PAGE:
May Thao - Kansas Folk Art
May Her Thao, and Shoua Xiong
Dia Her, Phoua Her, Sae Her, Zang Her, Ah Vang, and Ying Vang, Apprentices
Kansas City, Kansas, has a population of about 600 Hmong refugees. The Hmong women are known for their extraordinary needlework skills. May Thao, May Her Thao, and Shoua Xiong are all masters at the art of paj ntaub (pronounced "pan dau"). All three women originally learned their needlework skills from their mothers while growing up in Laos.
In 1987 nine women from the Kansas City Hmong community participated in the Folk Arts Apprenticeship Program. The idea of the apprenticeship was to free up the participants from the demands of the marketplace and allow them to create the type of needlework they personally desired. One of the goals of the apprenticeship was to renew the tradition of batik work. The women had stopped producing batik after moving to the United States, largely because the language barrier kept them from getting the materials that they needed. With the help of Jane Henry, who at the time was director of the Refugee Assistance Center, the women used the apprenticeship funds to obtain from new sources the materials they needed for batik work.
Although the apprenticeship focused on batik work, the women also worked in the areas of embroidery, cross-stitch, appliqué, and reverse appliqué. This is in keeping with the tradition since all Hmong textile art uses more than one technique. All nine of the women had first learned their traditional skills from their mothers long before immigrating to the United States. Although all of the women took turns sharing their knowledge with the others, three of the women served as master teachers. May Thao, May Her Thao, and Shoua Xiong are all accomplished at batik work and have many years of needlework experience among them. May Her Thao commented that before the apprenticeship she had all but forgotten her batiking skills because she had not been able to use them since leaving Laos. However, during the apprenticeship she produced a large quantity of batik work.
Although Hmong girls in Laos first began to learn the traditional needlework skills around the age of eight, this is not the case in Kansas City. Many of the young girls and young women of the Hmong community are too busy with other activities to learn the folk art. The apprenticeship encouraged younger women to further develop their skills. There is a strong desire among the women that the young women continue to learn traditional needlework. When asked, one of them said, "I want them to learn because this is their culture. It is important."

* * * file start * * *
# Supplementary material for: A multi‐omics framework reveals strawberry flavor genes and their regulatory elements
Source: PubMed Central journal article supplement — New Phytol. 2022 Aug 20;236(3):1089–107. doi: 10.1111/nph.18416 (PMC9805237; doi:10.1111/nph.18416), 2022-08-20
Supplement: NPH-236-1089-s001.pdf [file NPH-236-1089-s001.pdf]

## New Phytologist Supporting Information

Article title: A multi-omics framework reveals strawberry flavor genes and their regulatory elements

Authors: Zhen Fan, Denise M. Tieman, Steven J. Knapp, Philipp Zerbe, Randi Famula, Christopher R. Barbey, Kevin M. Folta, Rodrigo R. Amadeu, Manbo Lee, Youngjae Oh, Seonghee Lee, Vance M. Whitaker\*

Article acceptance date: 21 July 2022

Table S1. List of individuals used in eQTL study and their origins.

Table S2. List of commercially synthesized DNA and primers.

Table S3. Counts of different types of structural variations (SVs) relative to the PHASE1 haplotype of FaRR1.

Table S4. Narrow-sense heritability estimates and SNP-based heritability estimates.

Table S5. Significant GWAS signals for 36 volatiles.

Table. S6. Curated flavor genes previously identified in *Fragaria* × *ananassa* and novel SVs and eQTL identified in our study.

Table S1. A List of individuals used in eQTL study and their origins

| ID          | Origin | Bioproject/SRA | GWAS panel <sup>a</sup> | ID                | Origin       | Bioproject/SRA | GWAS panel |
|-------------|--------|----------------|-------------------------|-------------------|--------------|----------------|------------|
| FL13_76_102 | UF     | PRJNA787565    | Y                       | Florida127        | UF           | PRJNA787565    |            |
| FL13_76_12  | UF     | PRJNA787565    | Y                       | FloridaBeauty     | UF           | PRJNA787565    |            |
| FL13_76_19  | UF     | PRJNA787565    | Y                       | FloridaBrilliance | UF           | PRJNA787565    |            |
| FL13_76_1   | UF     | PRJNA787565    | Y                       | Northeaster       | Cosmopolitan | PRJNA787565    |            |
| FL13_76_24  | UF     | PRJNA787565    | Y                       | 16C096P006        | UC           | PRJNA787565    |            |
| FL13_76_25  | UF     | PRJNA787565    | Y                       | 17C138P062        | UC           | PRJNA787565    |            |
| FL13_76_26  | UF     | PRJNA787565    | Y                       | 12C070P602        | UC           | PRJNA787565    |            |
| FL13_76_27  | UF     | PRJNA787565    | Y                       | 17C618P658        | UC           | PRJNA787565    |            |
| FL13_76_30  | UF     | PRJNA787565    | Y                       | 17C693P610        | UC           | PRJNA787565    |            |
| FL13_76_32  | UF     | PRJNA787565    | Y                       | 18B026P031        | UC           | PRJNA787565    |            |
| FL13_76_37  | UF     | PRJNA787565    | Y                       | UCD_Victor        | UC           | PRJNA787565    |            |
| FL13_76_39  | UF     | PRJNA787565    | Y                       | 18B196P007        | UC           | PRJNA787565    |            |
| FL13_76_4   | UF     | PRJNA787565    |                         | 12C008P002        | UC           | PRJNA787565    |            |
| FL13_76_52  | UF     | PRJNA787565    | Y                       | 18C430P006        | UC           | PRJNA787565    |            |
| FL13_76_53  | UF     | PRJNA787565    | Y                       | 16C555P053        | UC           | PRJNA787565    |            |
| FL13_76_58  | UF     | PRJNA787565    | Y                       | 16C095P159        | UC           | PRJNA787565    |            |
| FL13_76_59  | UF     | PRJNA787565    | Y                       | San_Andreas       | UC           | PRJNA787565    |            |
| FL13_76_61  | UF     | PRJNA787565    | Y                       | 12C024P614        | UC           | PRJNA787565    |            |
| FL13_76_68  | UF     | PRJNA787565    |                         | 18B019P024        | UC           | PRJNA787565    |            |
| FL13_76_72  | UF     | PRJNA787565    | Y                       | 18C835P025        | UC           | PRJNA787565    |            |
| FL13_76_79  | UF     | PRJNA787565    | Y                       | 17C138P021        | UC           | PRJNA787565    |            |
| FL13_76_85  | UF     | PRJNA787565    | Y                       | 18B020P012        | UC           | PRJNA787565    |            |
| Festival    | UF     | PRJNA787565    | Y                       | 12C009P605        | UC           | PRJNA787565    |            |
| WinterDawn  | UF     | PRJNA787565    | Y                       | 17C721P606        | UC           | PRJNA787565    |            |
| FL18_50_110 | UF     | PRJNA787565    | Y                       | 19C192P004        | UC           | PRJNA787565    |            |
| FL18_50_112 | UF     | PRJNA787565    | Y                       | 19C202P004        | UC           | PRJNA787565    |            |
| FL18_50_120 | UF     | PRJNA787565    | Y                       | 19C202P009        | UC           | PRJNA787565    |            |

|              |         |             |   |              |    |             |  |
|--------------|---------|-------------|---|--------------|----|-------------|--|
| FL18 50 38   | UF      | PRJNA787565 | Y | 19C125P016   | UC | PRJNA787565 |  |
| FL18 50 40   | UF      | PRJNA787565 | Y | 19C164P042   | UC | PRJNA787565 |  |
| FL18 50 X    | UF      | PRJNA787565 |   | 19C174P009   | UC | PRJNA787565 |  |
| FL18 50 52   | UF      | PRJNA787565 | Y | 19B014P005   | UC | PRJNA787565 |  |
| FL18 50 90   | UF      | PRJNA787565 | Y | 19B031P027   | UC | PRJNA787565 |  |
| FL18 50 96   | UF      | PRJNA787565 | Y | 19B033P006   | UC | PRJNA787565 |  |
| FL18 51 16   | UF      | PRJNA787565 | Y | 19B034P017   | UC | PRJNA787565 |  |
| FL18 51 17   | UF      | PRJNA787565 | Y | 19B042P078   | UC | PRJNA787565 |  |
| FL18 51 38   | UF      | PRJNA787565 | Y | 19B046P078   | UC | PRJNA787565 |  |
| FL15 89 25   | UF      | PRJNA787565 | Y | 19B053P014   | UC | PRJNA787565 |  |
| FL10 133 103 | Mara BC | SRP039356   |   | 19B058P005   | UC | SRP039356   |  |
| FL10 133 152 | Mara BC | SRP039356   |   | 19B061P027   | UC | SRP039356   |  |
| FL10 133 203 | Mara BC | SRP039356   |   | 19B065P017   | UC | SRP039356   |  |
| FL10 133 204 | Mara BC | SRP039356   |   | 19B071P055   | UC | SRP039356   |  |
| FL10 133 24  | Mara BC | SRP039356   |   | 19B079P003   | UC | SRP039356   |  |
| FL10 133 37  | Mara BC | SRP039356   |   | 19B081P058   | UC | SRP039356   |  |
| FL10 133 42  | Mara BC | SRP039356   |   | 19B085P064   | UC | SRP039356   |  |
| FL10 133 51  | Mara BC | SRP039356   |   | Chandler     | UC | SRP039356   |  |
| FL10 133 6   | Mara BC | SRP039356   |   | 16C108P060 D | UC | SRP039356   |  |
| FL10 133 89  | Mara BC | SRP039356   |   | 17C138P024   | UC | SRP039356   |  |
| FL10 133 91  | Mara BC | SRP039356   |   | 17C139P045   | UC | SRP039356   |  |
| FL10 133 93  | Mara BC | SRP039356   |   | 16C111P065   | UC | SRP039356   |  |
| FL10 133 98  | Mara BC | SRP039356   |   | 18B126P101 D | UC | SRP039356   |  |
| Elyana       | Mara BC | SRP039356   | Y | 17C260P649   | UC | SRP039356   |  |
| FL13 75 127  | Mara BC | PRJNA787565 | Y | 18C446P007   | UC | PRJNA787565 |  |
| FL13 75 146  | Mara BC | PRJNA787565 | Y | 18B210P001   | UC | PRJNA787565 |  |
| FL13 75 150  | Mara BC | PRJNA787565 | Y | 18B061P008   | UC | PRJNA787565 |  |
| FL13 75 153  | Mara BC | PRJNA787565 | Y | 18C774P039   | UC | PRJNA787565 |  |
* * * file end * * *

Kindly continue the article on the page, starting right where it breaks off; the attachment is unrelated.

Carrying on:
The apprenticeship clearly allowed the Hmong women to be free of the influence of the commercial market but this does not mean that the apprenticeship did not have an economic impact. All nine participants continue to sell paj ntaub to help supplement their families' incomes. However, the apprenticeship allowed them the chance to create more traditional pieces, which have since found a paying audience. The direct result of the apprenticeship is that all nine women are making more paj ntaub than in the past and have been freed from the previous constraints of uniform design.
From Kansas Folk Arts Apprenticeship Program © KSHS 1989
Entry: Thao, May - Kansas Folk Art
Author: Kansas Historical Society
Author information: The Kansas Historical Society is a state agency charged with actively safeguarding and sharing the state's history.
Date Created: February 2011
Date Modified: May 2012
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